Calves were fed 4 quarts of either raw or heat-treated colostrum within two hours of birth. Total bacterial plate count and coliform count were measured in all batches, as was IgG concentration in the colostrum.
The results: the researchers found that on-farm staff could indeed replicate the results achieved in a research setting. Bacterial counts for the heat-treated colostrum were significantly lowered across the board, with no significant effect on colostrum IgG levels.
Healthier calves, too
The study also included a blood draw on every calf at one to seven days of age to compare serum IgG concentrations and TP between the two groups. What’s more, farm staff recorded every disease treatment event of all calves in the study from birth to weaning. “The ultimate measure of this research was to find out if the calves fed the heat-treated colostrum were healthier,” says Godden. “We were pleased to find out that indeed they were.”
Specifically, they found that serum IgG concentrations were significantly higher in the calves fed the heat-treated colostrum. The calves from the heat-treated group also were less likely to suffer from scours, or to be treated for any other disease condition.
“I probably was somewhat biased, but I thought all along that the calves fed the heat-treated colostrum were doing better — eating starter grain earlier and sick less often,” says Kreft. “The numbers proved that they truly were healthier.” As a result of the study, Kreft and the Jon-De crew now feed both pasteurized waste milk (processed in a high-temperature, short-time [HTST] flash pasteurization system), and heat-treated colostrum, which is processed in the same batch pasteurizer they used in the study more than five years ago. A side benefit that Kreft appreciates is that heat treatment preserves the shelf life of colostrum, which they refrigerate after processing but usually do not freeze. The result is a consistent supply of high-quality colostrum that maintains low bacteria numbers for up to five days, compared to the 24 hours that it used to last in refrigeration without heat treatment.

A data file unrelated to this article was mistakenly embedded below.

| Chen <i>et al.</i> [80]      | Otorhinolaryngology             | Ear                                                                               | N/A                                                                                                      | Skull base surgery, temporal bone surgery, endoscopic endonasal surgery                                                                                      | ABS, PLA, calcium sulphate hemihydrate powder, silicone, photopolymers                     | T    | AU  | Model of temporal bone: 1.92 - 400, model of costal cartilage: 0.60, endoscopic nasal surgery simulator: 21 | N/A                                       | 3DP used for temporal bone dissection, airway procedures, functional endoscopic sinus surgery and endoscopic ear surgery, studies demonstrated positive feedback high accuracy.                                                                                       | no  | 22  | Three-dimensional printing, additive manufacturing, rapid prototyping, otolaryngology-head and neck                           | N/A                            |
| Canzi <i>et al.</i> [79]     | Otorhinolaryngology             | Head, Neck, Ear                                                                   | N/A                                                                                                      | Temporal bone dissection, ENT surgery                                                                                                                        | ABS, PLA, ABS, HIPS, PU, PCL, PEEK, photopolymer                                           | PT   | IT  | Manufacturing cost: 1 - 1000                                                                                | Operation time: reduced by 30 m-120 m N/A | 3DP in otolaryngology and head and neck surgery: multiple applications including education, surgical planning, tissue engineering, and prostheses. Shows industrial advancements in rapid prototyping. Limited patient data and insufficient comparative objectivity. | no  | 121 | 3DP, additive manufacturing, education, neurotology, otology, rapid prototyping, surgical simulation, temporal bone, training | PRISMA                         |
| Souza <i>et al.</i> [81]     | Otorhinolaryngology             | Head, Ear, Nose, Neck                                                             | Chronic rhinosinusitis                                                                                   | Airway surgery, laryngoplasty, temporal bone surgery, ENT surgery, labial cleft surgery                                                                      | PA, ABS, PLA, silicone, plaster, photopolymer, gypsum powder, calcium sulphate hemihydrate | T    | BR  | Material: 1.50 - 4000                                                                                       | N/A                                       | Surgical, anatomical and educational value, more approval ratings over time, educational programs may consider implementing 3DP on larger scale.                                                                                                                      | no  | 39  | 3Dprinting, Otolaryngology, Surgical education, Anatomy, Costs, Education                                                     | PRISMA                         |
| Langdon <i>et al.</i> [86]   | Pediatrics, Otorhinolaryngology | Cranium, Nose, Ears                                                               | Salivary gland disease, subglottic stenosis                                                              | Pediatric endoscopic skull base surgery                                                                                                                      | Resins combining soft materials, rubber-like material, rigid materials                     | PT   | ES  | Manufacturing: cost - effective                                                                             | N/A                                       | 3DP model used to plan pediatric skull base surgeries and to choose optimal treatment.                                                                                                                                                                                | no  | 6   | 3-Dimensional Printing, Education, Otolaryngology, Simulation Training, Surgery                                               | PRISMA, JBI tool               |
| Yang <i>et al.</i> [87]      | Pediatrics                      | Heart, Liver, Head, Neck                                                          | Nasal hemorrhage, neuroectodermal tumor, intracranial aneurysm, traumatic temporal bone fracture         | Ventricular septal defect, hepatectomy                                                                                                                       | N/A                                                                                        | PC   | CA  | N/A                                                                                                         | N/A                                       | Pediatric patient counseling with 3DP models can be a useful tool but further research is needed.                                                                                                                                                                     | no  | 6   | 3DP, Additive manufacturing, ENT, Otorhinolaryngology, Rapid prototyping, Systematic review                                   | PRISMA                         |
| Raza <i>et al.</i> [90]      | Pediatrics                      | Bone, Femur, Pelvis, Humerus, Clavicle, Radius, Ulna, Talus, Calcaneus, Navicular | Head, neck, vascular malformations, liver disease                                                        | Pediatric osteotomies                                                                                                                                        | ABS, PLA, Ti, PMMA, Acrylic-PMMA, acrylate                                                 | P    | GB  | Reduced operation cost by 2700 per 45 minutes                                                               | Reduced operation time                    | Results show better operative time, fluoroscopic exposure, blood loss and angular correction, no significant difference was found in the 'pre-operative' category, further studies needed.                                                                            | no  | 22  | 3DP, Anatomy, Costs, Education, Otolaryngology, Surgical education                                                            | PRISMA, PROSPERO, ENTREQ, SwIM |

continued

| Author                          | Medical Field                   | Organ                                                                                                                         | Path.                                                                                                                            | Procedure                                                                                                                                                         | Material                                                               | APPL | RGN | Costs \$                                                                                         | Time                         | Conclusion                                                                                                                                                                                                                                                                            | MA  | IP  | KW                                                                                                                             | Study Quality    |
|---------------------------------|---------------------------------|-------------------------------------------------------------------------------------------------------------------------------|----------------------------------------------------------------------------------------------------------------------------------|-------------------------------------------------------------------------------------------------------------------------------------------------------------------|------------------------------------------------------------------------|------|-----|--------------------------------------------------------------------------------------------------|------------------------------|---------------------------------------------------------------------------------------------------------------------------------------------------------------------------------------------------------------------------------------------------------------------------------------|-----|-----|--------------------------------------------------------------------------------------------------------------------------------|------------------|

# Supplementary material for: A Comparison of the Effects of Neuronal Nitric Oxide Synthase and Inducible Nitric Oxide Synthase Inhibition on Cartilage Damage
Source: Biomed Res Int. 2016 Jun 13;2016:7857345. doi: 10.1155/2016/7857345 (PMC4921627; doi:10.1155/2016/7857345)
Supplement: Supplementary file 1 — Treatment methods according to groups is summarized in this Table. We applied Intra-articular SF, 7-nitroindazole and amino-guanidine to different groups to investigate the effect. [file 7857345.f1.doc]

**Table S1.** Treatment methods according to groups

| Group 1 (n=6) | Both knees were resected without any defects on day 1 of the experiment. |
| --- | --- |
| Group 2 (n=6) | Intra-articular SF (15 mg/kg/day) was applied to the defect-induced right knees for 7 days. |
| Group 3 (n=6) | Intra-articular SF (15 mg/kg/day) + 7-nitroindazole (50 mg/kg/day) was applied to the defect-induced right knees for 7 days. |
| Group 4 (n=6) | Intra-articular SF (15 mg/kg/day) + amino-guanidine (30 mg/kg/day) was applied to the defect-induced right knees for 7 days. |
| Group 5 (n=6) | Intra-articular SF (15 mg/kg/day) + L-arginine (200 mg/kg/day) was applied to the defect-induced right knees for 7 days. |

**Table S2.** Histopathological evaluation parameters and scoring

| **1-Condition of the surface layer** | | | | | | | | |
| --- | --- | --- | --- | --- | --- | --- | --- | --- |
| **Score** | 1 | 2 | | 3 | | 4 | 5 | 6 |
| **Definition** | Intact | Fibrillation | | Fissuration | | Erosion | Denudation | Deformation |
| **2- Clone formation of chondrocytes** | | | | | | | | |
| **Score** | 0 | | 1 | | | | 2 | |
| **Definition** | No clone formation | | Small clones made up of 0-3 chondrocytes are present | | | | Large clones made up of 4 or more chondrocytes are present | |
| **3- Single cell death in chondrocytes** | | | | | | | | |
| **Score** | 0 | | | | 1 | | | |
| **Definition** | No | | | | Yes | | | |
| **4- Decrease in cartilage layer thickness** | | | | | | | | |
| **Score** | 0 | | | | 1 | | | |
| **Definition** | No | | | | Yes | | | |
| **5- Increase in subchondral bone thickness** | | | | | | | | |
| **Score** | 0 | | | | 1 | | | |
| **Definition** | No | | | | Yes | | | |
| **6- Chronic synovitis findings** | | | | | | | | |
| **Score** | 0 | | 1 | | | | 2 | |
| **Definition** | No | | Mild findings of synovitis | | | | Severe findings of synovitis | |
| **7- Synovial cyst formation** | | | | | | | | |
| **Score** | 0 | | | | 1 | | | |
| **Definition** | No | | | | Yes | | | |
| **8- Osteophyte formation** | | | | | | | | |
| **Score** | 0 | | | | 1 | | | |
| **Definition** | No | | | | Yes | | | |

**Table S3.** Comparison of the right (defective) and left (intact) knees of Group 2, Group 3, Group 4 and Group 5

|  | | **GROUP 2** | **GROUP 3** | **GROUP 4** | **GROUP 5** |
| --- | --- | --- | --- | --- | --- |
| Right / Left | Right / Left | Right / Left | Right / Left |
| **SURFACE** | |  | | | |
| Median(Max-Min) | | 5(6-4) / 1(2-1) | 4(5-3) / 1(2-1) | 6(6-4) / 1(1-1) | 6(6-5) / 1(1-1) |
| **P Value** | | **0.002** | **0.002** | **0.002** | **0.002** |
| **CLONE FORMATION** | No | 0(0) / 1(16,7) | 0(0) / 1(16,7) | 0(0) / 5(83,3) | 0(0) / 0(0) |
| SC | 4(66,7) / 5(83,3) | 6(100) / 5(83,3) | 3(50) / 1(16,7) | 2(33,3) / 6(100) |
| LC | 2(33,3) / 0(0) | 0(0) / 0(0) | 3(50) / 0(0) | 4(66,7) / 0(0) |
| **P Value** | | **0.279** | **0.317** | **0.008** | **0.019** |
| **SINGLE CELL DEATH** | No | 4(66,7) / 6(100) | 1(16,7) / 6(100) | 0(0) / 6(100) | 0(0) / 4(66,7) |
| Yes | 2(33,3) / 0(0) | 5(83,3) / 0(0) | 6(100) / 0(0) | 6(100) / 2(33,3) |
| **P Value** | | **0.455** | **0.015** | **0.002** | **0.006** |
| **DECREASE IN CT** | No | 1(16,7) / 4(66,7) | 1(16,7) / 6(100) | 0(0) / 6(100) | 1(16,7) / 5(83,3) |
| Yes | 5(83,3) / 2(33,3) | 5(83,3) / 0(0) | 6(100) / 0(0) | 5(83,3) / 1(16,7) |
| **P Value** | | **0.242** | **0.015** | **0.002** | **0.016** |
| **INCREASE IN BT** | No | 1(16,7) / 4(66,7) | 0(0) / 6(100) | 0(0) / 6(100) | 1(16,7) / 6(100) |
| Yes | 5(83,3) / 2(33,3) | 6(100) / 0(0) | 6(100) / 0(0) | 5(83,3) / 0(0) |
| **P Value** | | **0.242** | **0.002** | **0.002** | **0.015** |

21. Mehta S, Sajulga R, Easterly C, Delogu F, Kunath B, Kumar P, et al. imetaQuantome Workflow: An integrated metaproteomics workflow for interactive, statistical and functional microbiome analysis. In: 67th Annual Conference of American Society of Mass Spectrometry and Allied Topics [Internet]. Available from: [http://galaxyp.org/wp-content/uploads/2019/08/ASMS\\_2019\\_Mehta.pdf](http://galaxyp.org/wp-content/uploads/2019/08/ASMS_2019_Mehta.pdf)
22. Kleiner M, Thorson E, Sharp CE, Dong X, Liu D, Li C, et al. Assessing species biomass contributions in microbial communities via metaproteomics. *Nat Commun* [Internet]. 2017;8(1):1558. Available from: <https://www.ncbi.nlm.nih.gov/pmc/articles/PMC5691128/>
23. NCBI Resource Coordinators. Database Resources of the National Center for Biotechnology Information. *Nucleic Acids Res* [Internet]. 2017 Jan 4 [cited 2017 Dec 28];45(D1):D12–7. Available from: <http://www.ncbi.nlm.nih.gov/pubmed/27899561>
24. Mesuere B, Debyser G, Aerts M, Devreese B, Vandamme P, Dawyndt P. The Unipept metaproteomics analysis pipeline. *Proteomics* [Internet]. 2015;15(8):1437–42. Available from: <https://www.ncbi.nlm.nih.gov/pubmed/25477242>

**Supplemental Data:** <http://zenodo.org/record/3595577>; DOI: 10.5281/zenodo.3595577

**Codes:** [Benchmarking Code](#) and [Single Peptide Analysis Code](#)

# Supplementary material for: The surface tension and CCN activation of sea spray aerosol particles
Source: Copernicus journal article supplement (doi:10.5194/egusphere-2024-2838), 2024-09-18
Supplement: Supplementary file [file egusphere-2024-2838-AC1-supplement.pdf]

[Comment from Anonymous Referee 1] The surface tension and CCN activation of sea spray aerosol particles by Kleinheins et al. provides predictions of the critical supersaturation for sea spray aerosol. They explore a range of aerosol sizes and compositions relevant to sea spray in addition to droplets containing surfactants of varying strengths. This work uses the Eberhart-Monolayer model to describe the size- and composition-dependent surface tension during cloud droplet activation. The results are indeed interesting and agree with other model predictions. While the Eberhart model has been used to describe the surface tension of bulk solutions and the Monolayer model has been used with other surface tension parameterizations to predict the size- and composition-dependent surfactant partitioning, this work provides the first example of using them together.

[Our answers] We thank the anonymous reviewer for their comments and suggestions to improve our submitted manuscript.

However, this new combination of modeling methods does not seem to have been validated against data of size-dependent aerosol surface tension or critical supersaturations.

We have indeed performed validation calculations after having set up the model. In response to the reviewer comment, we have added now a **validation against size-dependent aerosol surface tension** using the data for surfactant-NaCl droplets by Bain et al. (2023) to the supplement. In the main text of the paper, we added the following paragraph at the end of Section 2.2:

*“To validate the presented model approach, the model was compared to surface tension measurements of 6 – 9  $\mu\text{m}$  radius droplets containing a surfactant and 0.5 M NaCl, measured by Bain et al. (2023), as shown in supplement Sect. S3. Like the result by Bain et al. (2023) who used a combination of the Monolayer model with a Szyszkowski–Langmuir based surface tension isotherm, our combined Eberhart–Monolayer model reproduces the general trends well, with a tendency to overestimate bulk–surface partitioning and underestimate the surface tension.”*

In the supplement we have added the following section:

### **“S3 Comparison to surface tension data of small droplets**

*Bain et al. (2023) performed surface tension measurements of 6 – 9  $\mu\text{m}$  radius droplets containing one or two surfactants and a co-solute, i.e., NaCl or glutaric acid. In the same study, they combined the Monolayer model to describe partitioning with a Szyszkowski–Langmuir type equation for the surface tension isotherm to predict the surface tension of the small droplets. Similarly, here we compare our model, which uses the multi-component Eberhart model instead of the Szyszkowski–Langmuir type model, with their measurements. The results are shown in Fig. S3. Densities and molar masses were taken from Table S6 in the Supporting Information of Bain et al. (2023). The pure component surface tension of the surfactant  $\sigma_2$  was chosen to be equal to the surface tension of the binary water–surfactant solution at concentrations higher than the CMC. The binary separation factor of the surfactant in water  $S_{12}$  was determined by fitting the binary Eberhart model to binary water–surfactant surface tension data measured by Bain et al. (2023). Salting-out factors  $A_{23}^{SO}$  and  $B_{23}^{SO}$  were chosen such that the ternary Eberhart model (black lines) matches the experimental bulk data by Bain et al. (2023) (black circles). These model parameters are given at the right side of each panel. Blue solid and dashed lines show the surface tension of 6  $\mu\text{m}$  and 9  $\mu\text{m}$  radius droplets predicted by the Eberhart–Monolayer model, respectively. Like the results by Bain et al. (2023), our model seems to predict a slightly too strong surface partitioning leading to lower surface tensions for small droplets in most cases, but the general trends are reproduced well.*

“It takes a lot of work to produce good colostrum, starting months ahead of time with cow nutrition and immunity,” says Kreft. “It’s really important that we take the best possible care of that high-quality product in the final stage —from the time it leaves the cows until it is fed to the calf. Heat-treating helps us to maximize, rather than waste, all of that effort.”